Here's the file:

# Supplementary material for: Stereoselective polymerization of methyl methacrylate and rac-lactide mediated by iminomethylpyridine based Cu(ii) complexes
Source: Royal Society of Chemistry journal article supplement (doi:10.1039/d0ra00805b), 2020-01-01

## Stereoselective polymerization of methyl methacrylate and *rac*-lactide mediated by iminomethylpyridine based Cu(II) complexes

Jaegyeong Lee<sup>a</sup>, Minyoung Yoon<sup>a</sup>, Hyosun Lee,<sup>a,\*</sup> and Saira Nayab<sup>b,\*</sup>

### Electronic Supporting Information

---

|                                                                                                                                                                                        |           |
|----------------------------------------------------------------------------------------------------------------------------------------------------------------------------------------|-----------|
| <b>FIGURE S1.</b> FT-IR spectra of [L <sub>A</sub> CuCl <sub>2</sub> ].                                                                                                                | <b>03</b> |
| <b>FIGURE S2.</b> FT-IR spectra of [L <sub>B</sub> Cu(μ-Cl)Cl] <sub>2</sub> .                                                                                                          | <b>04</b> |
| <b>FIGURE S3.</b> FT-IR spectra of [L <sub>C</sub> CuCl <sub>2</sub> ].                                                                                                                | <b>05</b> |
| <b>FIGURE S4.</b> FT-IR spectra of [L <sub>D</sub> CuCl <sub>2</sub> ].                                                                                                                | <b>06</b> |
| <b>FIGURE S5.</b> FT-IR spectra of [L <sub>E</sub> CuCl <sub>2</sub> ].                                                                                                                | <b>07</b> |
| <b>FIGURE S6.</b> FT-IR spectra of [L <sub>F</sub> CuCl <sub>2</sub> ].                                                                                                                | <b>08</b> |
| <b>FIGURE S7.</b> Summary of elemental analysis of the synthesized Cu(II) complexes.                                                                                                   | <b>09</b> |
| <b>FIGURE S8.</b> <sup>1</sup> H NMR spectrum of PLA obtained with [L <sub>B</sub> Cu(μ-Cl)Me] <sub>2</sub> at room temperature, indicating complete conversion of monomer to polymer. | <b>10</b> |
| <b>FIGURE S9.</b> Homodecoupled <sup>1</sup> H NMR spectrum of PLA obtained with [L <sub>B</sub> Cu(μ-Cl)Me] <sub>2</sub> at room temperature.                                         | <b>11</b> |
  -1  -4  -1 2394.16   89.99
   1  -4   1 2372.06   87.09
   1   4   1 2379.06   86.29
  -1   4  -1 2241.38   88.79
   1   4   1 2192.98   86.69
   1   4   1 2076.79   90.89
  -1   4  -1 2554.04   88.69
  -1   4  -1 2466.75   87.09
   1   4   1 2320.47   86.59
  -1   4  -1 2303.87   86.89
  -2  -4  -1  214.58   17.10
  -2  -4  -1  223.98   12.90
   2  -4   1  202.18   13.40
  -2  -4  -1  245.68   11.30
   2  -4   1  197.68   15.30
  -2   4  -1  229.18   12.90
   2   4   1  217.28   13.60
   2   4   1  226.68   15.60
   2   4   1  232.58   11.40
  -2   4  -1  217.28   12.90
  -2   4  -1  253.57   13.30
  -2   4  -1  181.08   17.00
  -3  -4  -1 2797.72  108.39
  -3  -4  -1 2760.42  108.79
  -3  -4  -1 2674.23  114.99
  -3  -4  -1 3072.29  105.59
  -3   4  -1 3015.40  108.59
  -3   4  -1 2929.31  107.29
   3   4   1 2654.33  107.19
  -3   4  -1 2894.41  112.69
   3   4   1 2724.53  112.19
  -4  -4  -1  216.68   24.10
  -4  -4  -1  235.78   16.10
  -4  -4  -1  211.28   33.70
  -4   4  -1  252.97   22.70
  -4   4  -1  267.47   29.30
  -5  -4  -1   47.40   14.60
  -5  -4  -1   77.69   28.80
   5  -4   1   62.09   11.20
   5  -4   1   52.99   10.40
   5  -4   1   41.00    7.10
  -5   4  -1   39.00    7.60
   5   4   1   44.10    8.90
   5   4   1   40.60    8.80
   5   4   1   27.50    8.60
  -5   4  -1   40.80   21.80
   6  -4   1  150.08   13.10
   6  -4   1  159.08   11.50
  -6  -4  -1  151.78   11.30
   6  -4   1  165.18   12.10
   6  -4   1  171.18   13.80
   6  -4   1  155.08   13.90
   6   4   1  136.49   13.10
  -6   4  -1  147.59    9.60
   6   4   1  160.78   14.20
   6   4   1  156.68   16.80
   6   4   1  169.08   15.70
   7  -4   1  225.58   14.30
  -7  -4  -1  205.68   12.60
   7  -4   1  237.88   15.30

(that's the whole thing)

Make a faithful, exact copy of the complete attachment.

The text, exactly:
# Supplementary material for: Stereoselective polymerization of methyl methacrylate and rac-lactide mediated by iminomethylpyridine based Cu(ii) complexes
Source: Royal Society of Chemistry journal article supplement (doi:10.1039/d0ra00805b), 2020-01-01

## Stereoselective polymerization of methyl methacrylate and *rac*-lactide mediated by iminomethylpyridine based Cu(II) complexes

Jaegyeong Lee<sup>a</sup>, Minyoung Yoon<sup>a</sup>, Hyosun Lee,<sup>a,\*</sup> and Saira Nayab<sup>b,\*</sup>

### Electronic Supporting Information

---

|                                                                                                                                                                                        |           |
|----------------------------------------------------------------------------------------------------------------------------------------------------------------------------------------|-----------|
| <b>FIGURE S1.</b> FT-IR spectra of [L <sub>A</sub> CuCl <sub>2</sub> ].                                                                                                                | <b>03</b> |
| <b>FIGURE S2.</b> FT-IR spectra of [L <sub>B</sub> Cu(μ-Cl)Cl] <sub>2</sub> .                                                                                                          | <b>04</b> |
| <b>FIGURE S3.</b> FT-IR spectra of [L <sub>C</sub> CuCl <sub>2</sub> ].                                                                                                                | <b>05</b> |
| <b>FIGURE S4.</b> FT-IR spectra of [L <sub>D</sub> CuCl <sub>2</sub> ].                                                                                                                | <b>06</b> |
| <b>FIGURE S5.</b> FT-IR spectra of [L <sub>E</sub> CuCl <sub>2</sub> ].                                                                                                                | <b>07</b> |
| <b>FIGURE S6.</b> FT-IR spectra of [L <sub>F</sub> CuCl <sub>2</sub> ].                                                                                                                | <b>08</b> |
| <b>FIGURE S7.</b> Summary of elemental analysis of the synthesized Cu(II) complexes.                                                                                                   | <b>09</b> |
| <b>FIGURE S8.</b> <sup>1</sup> H NMR spectrum of PLA obtained with [L <sub>B</sub> Cu(μ-Cl)Me] <sub>2</sub> at room temperature, indicating complete conversion of monomer to polymer. | <b>10</b> |
| <b>FIGURE S9.</b> Homodecoupled <sup>1</sup> H NMR spectrum of PLA obtained with [L <sub>B</sub> Cu(μ-Cl)Me] <sub>2</sub> at room temperature.                                         | <b>11</b> |
  -1  -4  -1 2394.16   89.99
   1  -4   1 2372.06   87.09
   1   4   1 2379.06   86.29
  -1   4  -1 2241.38   88.79
   1   4   1 2192.98   86.69
   1   4   1 2076.79   90.89
  -1   4  -1 2554.04   88.69
  -1   4  -1 2466.75   87.09
   1   4   1 2320.47   86.59
  -1   4  -1 2303.87   86.89
  -2  -4  -1  214.58   17.10
  -2  -4  -1  223.98   12.90
   2  -4   1  202.18   13.40
  -2  -4  -1  245.68   11.30
   2  -4   1  197.68   15.30
  -2   4  -1  229.18   12.90
   2   4   1  217.28   13.60
   2   4   1  226.68   15.60
   2   4   1  232.58   11.40
  -2   4  -1  217.28   12.90
  -2   4  -1  253.57   13.30
  -2   4  -1  181.08   17.00
  -3  -4  -1 2797.72  108.39
  -3  -4  -1 2760.42  108.79
  -3  -4  -1 2674.23  114.99
  -3  -4  -1 3072.29  105.59
  -3   4  -1 3015.40  108.59
  -3   4  -1 2929.31  107.29
   3   4   1 2654.33  107.19
  -3   4  -1 2894.41  112.69
   3   4   1 2724.53  112.19
  -4  -4  -1  216.68   24.10
  -4  -4  -1  235.78   16.10
  -4  -4  -1  211.28   33.70
  -4   4  -1  252.97   22.70
  -4   4  -1  267.47   29.30
  -5  -4  -1   47.40   14.60
  -5  -4  -1   77.69   28.80
   5  -4   1   62.09   11.20
   5  -4   1   52.99   10.40
   5  -4   1   41.00    7.10
  -5   4  -1   39.00    7.60
   5   4   1   44.10    8.90
   5   4   1   40.60    8.80
   5   4   1   27.50    8.60
  -5   4  -1   40.80   21.80
   6  -4   1  150.08   13.10
   6  -4   1  159.08   11.50
  -6  -4  -1  151.78   11.30
   6  -4   1  165.18   12.10
   6  -4   1  171.18   13.80
   6  -4   1  155.08   13.90
   6   4   1  136.49   13.10
  -6   4  -1  147.59    9.60
   6   4   1  160.78   14.20
   6   4   1  156.68   16.80
   6   4   1  169.08   15.70
   7  -4   1  225.58   14.30
  -7  -4  -1  205.68   12.60
   7  -4   1  237.88   15.30